How does Bohr's model of the atom differ from Rutherford's?
Thanks for your question about atomic models.
Rutherford knew the electrons were outside of the nucleus and they were equal in number to the "positiveness" of the nucleus. Rutherford randomly placed the negative electrons outside the nucleus.
Bohr's improvement of the Rutherford model was that Bohr placed the electrons in distinct energy levels. This Bohr model matched the experimental data that Max Planck had determined from his work on the different energies of photons.
If you will search Rutherford and Bohr models of the atom and narrow your search to images, you will find some of the models.
Hope this helps.
Rutherford described the atom as consisting of a tiny positive mass surrounded by a cloud of negative electrons. Bohr thought that electrons orbited the nucleus in quantised orbits.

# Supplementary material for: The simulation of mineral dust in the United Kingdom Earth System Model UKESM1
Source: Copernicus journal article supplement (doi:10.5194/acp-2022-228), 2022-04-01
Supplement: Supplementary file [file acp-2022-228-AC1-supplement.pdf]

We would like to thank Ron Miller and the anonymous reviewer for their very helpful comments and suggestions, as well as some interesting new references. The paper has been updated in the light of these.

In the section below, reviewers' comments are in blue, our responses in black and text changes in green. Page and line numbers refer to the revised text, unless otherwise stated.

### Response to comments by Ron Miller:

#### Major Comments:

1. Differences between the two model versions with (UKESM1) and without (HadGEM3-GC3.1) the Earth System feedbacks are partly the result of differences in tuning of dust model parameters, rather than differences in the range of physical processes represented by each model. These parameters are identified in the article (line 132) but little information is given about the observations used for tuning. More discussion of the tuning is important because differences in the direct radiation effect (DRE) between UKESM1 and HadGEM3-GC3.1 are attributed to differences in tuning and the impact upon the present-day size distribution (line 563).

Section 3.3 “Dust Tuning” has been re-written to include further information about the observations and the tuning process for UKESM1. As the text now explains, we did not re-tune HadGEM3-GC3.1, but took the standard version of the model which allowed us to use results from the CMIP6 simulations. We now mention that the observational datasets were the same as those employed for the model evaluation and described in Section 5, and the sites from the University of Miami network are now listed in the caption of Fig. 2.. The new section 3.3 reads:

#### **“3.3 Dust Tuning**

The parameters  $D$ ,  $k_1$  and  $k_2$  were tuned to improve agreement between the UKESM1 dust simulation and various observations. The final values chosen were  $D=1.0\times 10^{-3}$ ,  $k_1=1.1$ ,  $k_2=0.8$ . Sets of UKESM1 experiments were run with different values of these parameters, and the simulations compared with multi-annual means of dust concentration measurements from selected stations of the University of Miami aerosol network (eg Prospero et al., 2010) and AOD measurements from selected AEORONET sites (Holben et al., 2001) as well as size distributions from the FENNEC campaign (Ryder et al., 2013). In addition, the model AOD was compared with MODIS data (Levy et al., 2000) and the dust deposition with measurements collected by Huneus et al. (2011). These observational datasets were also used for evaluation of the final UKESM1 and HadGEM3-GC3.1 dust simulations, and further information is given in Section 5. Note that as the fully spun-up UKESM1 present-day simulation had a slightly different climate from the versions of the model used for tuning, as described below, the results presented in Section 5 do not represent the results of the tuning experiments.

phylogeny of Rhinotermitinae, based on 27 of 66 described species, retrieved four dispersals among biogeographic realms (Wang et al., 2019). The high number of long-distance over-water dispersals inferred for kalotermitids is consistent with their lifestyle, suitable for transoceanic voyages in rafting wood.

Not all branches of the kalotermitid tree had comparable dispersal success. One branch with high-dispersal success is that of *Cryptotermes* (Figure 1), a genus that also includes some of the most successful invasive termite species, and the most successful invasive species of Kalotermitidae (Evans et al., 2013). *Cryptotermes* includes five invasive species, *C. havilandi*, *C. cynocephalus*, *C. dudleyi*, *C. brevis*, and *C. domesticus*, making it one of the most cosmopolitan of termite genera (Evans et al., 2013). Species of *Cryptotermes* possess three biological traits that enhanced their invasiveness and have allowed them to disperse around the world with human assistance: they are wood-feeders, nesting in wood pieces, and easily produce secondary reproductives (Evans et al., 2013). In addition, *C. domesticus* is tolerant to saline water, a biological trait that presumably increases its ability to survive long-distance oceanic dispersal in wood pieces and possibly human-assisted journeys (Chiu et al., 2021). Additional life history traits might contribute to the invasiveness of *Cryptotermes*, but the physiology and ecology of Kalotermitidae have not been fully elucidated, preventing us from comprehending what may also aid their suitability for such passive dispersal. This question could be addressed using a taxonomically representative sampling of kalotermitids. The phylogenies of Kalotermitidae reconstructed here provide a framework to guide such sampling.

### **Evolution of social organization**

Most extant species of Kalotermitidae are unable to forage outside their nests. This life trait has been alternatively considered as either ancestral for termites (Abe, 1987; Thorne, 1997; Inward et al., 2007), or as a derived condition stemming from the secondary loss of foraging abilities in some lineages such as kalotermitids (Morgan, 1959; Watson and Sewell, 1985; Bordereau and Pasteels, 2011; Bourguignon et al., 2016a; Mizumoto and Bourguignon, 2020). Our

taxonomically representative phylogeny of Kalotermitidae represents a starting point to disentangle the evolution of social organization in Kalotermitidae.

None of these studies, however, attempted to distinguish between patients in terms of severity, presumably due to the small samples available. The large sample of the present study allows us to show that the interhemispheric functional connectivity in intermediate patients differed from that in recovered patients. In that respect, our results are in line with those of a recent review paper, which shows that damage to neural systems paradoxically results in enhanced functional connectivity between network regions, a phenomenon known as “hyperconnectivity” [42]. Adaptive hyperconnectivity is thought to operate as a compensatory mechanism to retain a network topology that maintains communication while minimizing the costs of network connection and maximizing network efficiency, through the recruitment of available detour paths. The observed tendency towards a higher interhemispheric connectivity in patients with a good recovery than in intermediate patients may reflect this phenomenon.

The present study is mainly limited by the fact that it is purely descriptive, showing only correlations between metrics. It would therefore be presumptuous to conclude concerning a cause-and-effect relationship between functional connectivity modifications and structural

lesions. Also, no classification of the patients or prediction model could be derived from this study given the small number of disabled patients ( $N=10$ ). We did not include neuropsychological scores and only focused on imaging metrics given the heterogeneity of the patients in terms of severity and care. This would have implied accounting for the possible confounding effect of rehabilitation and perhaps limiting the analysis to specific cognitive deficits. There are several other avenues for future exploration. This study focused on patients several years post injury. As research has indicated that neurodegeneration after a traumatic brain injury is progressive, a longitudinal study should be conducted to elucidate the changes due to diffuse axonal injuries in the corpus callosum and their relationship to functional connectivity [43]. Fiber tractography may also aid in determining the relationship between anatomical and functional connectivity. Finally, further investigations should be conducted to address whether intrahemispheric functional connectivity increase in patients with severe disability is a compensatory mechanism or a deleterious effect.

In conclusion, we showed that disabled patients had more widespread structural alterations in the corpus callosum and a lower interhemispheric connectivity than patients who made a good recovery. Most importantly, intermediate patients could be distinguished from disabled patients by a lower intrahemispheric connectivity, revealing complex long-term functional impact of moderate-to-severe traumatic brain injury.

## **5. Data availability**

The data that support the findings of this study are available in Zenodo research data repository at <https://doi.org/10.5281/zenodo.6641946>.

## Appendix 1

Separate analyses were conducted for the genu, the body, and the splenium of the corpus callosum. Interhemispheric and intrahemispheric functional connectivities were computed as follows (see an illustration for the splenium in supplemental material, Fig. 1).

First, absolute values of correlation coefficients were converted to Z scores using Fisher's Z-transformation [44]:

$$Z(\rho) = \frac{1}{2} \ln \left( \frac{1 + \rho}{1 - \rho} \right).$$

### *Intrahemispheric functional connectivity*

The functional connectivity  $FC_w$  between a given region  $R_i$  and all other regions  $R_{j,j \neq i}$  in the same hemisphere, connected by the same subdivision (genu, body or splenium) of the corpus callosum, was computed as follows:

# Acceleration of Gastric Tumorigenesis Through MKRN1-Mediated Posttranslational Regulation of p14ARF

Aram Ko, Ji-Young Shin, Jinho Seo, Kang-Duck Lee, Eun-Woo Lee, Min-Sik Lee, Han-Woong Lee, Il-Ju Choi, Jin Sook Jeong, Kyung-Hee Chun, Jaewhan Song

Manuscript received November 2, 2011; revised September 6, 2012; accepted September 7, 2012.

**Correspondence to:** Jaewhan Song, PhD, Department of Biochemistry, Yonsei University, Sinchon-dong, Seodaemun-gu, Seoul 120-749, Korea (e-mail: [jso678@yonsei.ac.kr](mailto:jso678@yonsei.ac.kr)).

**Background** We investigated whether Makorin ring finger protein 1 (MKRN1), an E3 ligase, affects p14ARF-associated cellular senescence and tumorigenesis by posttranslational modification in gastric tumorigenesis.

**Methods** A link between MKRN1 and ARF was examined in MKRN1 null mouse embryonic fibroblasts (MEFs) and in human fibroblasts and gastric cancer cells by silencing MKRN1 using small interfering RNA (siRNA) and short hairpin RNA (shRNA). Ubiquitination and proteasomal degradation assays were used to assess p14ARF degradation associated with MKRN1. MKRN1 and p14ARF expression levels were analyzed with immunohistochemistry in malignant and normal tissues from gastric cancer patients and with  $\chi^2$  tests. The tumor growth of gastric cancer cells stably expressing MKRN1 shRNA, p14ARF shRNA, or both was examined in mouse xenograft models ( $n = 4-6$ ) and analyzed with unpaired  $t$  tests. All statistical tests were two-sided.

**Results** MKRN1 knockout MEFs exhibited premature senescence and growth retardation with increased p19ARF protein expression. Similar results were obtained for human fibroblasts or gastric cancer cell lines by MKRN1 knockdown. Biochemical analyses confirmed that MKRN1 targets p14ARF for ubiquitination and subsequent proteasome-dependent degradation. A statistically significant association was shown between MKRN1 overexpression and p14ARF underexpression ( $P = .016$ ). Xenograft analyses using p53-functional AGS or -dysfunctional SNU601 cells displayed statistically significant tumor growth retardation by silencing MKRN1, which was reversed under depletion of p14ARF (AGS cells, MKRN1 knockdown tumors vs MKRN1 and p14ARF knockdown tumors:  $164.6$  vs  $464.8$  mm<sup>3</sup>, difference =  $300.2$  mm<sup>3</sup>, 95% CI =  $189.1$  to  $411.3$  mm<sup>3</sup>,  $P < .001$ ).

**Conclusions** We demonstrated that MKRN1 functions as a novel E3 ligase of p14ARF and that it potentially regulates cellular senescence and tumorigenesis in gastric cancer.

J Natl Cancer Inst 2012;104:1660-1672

Bohr built upon Rutherford's model of the atom. In Rutherford's model most of the atom's mass is concentrated into the centre (what we now call the nucleus) and electrons surround the positive mass in something like a cloud.
Bohr's most significant contribution was the quantisation of the model. He believed that electrons moved around the nucleus in circular orbits with quantised potential and kinetic energies. So it was not possible for electrons to occupy just any energy level.
In principle the quantisation aspect of the model is still believed to be correct. The main problem lies in the idea of electrons in circular orbits. This does not satisfy the Heisenberg uncertainty principle, which is that it is not possible to know the position and momentum of a particle simultaneously.
For further reading you might want to find out more about what scientists currently believe about atomic structure: https://socratic.org/questions/how-does-the-bohr-model-of-an-atom-differ-from-the-modern-theory
Impact of this question
Creative Commons License